b: brave, confident
b: timid, fearful, shy
Etymology: The origin of this symbol and spectrumAt first, when I was homeless, I wanted someone to share my fears with, to know that it is ok to be frightened at night when you have no place to sleep, when you are not sure who will come out of the shadows. So this symbol became a gesture between Rose and me—I could tell Rose when I was scared, and just the act of writing this down and seeing it in coded black and white made me feel better.
Then, I wanted a symbol that could reassure me. I could be bold. I could go out and go to Japan, where I knew no one, and live for three years. I could just hop a Russian Aeroflot plane from Bangkok to Poland. I could celebrate, as a tourist , with the locals when the Berlin Wall was being torn down.
Eventually, after a few… shall we say… overbold? Nay, stupid? moves on my part (one of which landed me in a car with a Yakuza member in Japan—with the doors locked—we did escape, don’t worry)… I wanted a symbol to remind me that even bravery should be tempered with common sense.
Orthography: How to remember these symbolsThe “b” for fear is drawn by circling inward, which traces your fears through a maze to your very soul (or like vultures circling in). But then, when you reach the center, you make a straight line down and out of the circles of fear—knowing that it is ok to fear, but there is a way out. Note that this circle for the “b” is echoed in the spirals of the “r” for good and bad memories. This echoes the idea that fear, like memory, circles around, ever drawing closer to the heart of the matter.
The “b” for bold is like a ram’s head—it is two eyes squarely facing the world.
The “b” for overbold is just the “b” for bold gone amuck. You can vary this “b” to show how far overconfident and foolhardy you think the matter is—just stick in a few more of those eyes.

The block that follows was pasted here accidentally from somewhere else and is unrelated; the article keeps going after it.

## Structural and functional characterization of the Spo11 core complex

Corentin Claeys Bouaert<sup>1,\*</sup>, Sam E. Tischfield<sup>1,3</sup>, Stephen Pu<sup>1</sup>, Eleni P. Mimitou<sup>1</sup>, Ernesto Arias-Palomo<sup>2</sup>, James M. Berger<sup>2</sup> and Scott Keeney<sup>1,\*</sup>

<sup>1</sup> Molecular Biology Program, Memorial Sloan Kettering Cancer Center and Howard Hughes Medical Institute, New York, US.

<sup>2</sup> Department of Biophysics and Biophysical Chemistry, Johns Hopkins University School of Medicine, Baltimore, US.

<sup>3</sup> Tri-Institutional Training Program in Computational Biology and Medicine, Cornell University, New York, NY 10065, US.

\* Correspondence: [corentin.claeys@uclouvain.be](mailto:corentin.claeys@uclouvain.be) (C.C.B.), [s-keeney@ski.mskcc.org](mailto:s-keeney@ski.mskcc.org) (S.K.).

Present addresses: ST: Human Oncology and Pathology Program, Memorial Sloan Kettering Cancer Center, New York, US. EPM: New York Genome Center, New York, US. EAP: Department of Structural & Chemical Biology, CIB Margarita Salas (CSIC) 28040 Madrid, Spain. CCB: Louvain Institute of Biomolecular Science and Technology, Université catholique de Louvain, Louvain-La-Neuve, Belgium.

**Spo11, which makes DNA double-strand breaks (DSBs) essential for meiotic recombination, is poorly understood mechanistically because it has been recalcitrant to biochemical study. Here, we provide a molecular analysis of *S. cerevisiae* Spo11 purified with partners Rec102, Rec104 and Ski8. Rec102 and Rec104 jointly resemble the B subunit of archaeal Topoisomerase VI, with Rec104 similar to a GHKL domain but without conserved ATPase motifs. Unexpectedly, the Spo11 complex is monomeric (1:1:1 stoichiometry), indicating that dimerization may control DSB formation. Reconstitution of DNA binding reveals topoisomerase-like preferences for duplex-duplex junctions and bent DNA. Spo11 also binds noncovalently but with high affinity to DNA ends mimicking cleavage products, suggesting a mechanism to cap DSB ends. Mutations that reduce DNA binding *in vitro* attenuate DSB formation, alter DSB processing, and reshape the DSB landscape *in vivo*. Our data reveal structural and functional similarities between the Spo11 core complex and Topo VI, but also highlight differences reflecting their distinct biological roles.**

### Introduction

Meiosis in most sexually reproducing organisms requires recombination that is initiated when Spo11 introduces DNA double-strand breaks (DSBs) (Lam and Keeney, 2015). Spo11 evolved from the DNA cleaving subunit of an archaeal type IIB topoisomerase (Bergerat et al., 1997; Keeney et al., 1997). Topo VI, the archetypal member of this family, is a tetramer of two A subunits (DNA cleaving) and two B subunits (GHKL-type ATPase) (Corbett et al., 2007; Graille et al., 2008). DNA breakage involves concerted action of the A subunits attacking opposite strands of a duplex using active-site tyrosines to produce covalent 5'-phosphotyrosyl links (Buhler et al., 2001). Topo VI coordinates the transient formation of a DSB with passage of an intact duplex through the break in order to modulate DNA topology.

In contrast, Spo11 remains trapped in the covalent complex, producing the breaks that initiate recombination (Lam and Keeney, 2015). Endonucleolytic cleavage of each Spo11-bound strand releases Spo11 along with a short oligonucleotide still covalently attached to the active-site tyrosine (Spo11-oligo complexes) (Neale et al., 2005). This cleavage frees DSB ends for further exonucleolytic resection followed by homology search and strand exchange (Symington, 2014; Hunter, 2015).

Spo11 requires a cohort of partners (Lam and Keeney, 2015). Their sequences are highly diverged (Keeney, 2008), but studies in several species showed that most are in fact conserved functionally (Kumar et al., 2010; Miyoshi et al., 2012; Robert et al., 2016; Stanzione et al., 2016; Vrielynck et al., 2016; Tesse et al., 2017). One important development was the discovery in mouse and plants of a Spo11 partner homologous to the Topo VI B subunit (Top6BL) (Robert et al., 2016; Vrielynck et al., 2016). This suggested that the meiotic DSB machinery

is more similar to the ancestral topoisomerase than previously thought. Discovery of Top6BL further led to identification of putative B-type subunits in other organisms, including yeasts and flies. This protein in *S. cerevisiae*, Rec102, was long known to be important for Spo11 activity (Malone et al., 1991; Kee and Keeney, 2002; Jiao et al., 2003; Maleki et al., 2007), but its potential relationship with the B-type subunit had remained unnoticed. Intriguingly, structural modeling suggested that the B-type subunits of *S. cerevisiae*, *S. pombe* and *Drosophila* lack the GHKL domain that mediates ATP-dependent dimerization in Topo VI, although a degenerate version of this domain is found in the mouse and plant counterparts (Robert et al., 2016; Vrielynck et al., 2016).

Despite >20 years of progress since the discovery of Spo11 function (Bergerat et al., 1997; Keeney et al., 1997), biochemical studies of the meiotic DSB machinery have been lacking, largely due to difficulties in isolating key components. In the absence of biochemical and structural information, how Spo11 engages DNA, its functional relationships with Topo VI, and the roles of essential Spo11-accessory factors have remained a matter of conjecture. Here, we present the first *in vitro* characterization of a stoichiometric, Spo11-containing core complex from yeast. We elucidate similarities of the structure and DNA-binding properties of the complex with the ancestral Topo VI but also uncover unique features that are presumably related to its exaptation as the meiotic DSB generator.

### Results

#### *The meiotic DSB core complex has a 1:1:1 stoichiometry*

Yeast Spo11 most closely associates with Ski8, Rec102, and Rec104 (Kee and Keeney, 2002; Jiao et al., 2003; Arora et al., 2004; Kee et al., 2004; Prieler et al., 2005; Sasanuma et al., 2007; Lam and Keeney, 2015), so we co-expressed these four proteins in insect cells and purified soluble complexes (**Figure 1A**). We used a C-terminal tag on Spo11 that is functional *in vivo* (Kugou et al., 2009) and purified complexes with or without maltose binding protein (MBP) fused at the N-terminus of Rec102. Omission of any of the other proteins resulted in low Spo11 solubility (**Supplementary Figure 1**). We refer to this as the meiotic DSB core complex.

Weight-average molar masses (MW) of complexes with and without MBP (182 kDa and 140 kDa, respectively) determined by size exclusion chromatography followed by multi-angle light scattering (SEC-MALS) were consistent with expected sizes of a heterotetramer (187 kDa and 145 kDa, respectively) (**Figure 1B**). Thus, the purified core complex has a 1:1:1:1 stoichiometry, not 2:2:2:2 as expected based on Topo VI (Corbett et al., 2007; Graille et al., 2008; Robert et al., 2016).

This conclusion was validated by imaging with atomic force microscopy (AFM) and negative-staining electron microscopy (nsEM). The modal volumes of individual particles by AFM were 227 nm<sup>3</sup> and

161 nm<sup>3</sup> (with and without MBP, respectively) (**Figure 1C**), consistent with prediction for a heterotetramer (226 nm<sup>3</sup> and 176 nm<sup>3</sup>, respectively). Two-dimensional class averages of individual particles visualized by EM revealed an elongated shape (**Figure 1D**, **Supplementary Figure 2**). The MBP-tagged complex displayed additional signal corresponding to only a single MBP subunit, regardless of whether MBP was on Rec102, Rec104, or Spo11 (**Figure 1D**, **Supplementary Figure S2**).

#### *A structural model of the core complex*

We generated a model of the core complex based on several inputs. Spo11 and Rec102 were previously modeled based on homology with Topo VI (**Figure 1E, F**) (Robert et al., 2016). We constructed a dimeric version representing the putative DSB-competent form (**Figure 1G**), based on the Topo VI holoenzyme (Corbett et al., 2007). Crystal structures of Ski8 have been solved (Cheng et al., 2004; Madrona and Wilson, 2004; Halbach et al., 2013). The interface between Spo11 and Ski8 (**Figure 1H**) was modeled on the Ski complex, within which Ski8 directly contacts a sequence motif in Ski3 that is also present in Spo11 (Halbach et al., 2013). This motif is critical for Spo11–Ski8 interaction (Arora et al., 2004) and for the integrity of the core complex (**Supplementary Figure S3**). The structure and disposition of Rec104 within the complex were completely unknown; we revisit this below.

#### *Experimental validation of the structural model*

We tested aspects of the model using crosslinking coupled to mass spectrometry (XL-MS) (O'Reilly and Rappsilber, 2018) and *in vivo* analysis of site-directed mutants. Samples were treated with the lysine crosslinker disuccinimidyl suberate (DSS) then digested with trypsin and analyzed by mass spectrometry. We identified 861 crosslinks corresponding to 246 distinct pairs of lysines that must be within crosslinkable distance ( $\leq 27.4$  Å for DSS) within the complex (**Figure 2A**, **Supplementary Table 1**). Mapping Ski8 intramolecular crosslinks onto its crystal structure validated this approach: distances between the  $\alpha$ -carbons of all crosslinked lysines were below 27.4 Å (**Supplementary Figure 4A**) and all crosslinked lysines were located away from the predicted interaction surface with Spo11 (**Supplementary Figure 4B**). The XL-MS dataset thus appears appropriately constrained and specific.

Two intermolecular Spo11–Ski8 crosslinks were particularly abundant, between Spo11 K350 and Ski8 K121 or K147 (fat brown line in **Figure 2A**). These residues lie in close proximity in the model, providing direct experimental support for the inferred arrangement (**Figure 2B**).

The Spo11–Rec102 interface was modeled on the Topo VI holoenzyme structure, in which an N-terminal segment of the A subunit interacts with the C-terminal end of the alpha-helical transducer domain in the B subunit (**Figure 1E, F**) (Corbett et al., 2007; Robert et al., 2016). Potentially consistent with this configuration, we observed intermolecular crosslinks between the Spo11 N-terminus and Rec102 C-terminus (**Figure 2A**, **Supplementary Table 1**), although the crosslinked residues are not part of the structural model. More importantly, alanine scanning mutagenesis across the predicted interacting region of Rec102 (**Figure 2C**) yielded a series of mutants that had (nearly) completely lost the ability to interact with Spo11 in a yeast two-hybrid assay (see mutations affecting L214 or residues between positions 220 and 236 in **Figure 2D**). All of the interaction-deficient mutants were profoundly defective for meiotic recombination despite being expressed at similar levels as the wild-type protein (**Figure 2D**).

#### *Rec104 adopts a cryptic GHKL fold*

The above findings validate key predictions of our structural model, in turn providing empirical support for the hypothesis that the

Philosophy: How I use these symbols to embrace lifeYou can not go through life without some fear and trepidation—for that would be like the overconfident bold. Yet, at the same time, you can not simply exist in the circle of fear, either. Often when I draw this, I draw it slowly, acknowledging each of my fears, my worries, my anxieties, as they get closer and closer to the center. Then I draw my “escape route,” my straight line and think about ways to cross over my fears.
When I want to be brave about something, or when I am just a bit afraid, and I want to encourage myself, I usually draw this in a meditation, thinking that first one eye confronts the matter, then the other eye joins it in a strong position. With both eyes open, I can take a deep breath and find my courage.
If I think someone is being over-brave—ok ok, usually, it’s me just about to step into the Grand Canyon without a rope—I try to caution myself. If I find myself doodling more and more and more of the “b” brave eyes than the lines can handle, I take a step back. Is this overly ambitious? Can we do it in stages? Is this absolutely a stupid thing to do—even though it seems like a good idea right now? Maybe I should rethink my strategy . . .